While prior to the pandemic some of the largest meal kit companies were encountering headwinds (including Blue Apron, which was evaluating "strategic options" as recently as February, 2020), meal kits are seeing notable sales growth reflective of consumers in quarantine, avoiding restaurants and cooking more. FoodNavigator USA reports "As Americans staying at home to slow the spread of the coronavirus flock to meal kits, both HelloFresh and Blue Apron saw sales lift near the end of their first quarters, but whether the companies can sustain the increase beyond the pandemic depends on their broader strategies and pre-pandemic position."

Certainly the boost in demand for meal kits makes sense given the cultural effects of COVID-19: Hartman Group ethnographic research that is ongoing finds that with health and government officials across the country instructing people to stay home and many people furloughed or laid off, Americans are spending significantly more time at home — and in their kitchens — than usual. With life suddenly upended, consumer eating and meal preparation habits are quickly evolving to catch up. Changes in household behavior around sourcing food and cooking have exposed new tension points in the kitchen, and while the kitchen has long been a vibrant hub of home life, in many homes today the kitchen has become a multipurpose space: part-time office, part-time kitchen, part-time school. Through it all, the kitchen remains the space where meal prep, cooking and eating take place. Some consumers with limited home cooking skills are motivated to learn more as a form of recreation and less as a necessary chore, while others are relying more on canned and frozen items. Parents are bringing their kids into the kitchen as a way to keep them entertained and occupied, teaching them fundamental cooking skills in the process.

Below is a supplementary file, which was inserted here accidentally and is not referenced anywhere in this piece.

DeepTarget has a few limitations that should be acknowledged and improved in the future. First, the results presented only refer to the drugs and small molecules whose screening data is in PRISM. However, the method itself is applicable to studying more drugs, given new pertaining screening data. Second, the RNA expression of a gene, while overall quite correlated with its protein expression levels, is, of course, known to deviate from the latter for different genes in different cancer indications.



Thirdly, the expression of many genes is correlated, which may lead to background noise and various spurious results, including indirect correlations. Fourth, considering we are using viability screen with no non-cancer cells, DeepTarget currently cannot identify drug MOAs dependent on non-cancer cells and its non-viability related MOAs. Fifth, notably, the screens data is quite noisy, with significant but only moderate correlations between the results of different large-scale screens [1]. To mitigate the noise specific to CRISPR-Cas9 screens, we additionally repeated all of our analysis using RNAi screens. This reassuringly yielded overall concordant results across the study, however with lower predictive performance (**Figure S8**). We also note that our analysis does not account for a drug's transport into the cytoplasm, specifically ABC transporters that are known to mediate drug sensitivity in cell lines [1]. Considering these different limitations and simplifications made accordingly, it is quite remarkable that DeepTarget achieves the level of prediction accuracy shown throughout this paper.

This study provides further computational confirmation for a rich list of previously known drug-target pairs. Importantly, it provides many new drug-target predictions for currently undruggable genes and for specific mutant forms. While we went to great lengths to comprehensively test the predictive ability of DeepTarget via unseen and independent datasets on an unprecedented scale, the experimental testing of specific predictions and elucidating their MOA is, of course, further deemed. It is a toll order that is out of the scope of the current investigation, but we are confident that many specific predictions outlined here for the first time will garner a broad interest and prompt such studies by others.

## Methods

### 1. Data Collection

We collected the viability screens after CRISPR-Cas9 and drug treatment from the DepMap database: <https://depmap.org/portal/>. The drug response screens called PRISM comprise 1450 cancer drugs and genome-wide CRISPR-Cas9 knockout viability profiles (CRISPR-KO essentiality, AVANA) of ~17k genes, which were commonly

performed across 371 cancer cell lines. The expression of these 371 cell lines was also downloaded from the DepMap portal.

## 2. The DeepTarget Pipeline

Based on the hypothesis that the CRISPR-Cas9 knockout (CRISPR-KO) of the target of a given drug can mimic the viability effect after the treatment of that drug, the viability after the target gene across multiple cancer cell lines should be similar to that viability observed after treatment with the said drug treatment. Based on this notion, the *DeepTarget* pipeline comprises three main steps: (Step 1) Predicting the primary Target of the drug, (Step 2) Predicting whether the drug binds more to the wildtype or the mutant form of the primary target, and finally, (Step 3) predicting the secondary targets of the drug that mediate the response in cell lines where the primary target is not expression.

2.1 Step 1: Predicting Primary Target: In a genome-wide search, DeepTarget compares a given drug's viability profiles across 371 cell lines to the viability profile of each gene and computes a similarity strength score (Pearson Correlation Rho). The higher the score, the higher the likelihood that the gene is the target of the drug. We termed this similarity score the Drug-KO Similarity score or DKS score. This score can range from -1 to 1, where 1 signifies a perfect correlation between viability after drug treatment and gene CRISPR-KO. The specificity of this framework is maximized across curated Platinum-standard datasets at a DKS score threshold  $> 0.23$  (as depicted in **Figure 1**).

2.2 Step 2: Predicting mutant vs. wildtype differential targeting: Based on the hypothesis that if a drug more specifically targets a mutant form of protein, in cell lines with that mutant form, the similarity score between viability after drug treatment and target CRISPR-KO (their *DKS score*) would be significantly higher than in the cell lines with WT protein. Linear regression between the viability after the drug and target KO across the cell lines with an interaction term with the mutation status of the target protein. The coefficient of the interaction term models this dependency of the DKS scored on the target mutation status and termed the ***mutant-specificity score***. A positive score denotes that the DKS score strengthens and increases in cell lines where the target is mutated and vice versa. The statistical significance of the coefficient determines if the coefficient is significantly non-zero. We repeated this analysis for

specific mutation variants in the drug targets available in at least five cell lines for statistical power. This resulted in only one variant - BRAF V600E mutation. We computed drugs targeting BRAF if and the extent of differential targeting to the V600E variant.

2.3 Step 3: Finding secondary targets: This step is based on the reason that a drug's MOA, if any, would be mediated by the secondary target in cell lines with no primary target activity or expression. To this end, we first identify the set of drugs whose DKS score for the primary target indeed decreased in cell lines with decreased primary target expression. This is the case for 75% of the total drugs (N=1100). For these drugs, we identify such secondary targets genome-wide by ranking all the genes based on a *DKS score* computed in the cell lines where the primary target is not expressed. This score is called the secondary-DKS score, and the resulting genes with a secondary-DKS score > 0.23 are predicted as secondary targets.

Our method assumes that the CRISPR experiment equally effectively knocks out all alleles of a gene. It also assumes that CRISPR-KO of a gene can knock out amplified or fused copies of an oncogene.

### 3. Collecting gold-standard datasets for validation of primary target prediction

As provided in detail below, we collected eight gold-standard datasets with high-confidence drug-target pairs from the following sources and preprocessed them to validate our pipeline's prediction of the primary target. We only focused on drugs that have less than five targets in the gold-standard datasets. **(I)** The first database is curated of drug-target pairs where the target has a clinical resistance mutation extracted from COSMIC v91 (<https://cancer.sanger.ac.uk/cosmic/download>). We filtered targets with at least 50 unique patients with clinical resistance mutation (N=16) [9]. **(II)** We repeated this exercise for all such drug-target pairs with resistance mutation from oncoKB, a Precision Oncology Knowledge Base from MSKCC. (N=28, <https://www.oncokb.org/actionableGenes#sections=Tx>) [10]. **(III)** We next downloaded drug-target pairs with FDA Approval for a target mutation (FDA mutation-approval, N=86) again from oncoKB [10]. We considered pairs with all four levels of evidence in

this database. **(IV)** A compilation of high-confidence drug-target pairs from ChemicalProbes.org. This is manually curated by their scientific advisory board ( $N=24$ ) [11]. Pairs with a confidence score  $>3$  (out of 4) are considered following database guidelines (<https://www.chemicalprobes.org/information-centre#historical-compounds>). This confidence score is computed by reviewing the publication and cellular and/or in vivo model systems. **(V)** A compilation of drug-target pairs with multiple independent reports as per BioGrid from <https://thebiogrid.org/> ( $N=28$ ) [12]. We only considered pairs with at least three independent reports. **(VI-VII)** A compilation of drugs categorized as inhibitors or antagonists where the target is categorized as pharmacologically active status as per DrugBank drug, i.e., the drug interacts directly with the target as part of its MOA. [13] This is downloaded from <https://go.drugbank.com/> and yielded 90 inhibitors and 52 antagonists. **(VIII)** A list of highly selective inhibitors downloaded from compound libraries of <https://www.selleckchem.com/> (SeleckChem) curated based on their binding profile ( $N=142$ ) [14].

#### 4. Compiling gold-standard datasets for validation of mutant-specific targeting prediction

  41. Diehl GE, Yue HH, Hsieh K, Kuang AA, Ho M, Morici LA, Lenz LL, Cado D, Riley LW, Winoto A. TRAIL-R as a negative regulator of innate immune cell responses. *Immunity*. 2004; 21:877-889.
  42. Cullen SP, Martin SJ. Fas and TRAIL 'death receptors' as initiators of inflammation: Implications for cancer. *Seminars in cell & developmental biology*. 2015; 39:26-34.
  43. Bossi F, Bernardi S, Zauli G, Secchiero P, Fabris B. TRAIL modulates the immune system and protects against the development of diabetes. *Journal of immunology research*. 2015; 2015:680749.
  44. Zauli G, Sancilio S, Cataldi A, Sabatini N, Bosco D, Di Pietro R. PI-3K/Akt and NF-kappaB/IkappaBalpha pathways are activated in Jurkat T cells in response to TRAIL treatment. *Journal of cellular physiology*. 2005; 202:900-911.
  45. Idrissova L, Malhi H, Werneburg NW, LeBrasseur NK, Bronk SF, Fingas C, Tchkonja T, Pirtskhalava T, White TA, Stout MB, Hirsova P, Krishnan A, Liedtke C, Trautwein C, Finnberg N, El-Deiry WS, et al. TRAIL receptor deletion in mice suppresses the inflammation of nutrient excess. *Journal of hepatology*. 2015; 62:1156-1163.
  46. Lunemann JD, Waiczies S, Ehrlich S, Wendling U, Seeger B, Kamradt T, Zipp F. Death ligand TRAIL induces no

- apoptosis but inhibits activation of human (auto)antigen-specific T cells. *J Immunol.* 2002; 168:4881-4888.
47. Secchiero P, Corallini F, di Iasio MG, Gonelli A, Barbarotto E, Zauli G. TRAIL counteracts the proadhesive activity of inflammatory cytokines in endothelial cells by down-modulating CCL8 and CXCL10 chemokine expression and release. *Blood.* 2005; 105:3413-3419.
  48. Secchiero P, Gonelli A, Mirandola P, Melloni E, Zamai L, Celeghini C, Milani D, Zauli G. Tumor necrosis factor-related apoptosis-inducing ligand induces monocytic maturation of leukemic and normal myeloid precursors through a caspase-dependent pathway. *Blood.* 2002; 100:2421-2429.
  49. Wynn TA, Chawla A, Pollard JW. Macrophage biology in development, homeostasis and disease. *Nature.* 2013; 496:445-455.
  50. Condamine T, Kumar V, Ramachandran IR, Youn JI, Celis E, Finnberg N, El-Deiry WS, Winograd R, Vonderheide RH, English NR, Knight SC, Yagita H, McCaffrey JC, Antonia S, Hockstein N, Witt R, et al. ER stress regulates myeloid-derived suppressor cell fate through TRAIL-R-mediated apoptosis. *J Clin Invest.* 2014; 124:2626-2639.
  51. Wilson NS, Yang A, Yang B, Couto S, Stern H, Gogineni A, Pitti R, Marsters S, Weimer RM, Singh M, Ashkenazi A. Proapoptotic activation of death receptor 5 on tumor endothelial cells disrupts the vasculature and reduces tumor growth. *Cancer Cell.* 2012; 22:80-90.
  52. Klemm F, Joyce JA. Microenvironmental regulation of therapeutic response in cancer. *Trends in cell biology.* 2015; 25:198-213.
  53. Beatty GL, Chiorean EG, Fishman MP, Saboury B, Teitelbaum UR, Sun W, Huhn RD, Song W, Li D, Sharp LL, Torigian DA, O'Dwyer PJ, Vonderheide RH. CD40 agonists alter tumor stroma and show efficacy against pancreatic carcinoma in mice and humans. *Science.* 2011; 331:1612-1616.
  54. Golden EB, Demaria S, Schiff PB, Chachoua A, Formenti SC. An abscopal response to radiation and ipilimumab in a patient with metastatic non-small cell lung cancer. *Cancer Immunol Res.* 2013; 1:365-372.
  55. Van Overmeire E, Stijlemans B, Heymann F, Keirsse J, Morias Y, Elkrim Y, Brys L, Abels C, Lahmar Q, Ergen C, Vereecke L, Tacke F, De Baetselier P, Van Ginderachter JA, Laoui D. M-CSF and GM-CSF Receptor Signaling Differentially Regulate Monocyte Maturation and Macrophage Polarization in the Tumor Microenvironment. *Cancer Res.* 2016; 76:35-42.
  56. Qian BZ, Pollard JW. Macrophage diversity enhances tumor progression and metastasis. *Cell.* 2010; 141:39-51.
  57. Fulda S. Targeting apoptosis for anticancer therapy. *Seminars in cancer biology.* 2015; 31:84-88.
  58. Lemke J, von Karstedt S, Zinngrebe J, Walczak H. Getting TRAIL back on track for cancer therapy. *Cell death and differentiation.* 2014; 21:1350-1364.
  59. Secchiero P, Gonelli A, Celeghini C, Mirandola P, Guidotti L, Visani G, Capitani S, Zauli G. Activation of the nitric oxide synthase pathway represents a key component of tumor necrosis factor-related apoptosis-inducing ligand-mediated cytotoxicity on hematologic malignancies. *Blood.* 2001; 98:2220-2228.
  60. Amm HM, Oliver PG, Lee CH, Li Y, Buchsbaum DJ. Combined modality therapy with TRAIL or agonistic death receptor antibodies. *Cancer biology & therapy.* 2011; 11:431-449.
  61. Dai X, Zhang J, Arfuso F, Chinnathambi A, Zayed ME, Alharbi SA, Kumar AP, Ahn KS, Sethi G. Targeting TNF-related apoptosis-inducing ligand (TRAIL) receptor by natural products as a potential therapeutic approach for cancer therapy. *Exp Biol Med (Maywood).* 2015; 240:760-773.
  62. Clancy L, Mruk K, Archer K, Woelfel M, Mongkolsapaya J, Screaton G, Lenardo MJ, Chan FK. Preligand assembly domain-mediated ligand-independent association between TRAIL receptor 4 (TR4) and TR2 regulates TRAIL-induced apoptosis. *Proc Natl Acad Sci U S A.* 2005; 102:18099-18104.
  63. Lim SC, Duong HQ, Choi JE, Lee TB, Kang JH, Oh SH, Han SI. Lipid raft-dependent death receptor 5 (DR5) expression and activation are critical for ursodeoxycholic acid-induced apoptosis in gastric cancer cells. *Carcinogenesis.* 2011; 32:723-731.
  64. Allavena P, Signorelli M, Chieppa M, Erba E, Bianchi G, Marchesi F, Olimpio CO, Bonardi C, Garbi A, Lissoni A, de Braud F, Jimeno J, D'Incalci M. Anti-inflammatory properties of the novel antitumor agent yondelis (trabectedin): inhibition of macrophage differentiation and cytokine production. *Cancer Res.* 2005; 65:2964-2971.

Many of these new pandemic-influenced behaviors are benefiting meal kit providers, but going forward, it is likely that meal kit companies will be challenged to retain customers who turned to them as a solution during quarantine. In the near term, consumer needs and behaviors align with the meal kit model, allowing them to forego trips to the grocery store and their related logistical challenges. Yet, as seen in pre-pandemic Hartman Group insights, the meal kit model’s barriers — including cost and the work related to preparing the food — will reemerge as prominent factors in a recessionary environment. Consumers operating with new stressors and financial constraints are likely to see online grocery as a more economical option when they have time to dedicate to meals and pick-up/delivery of prepared food as a compelling alternative when they do not.

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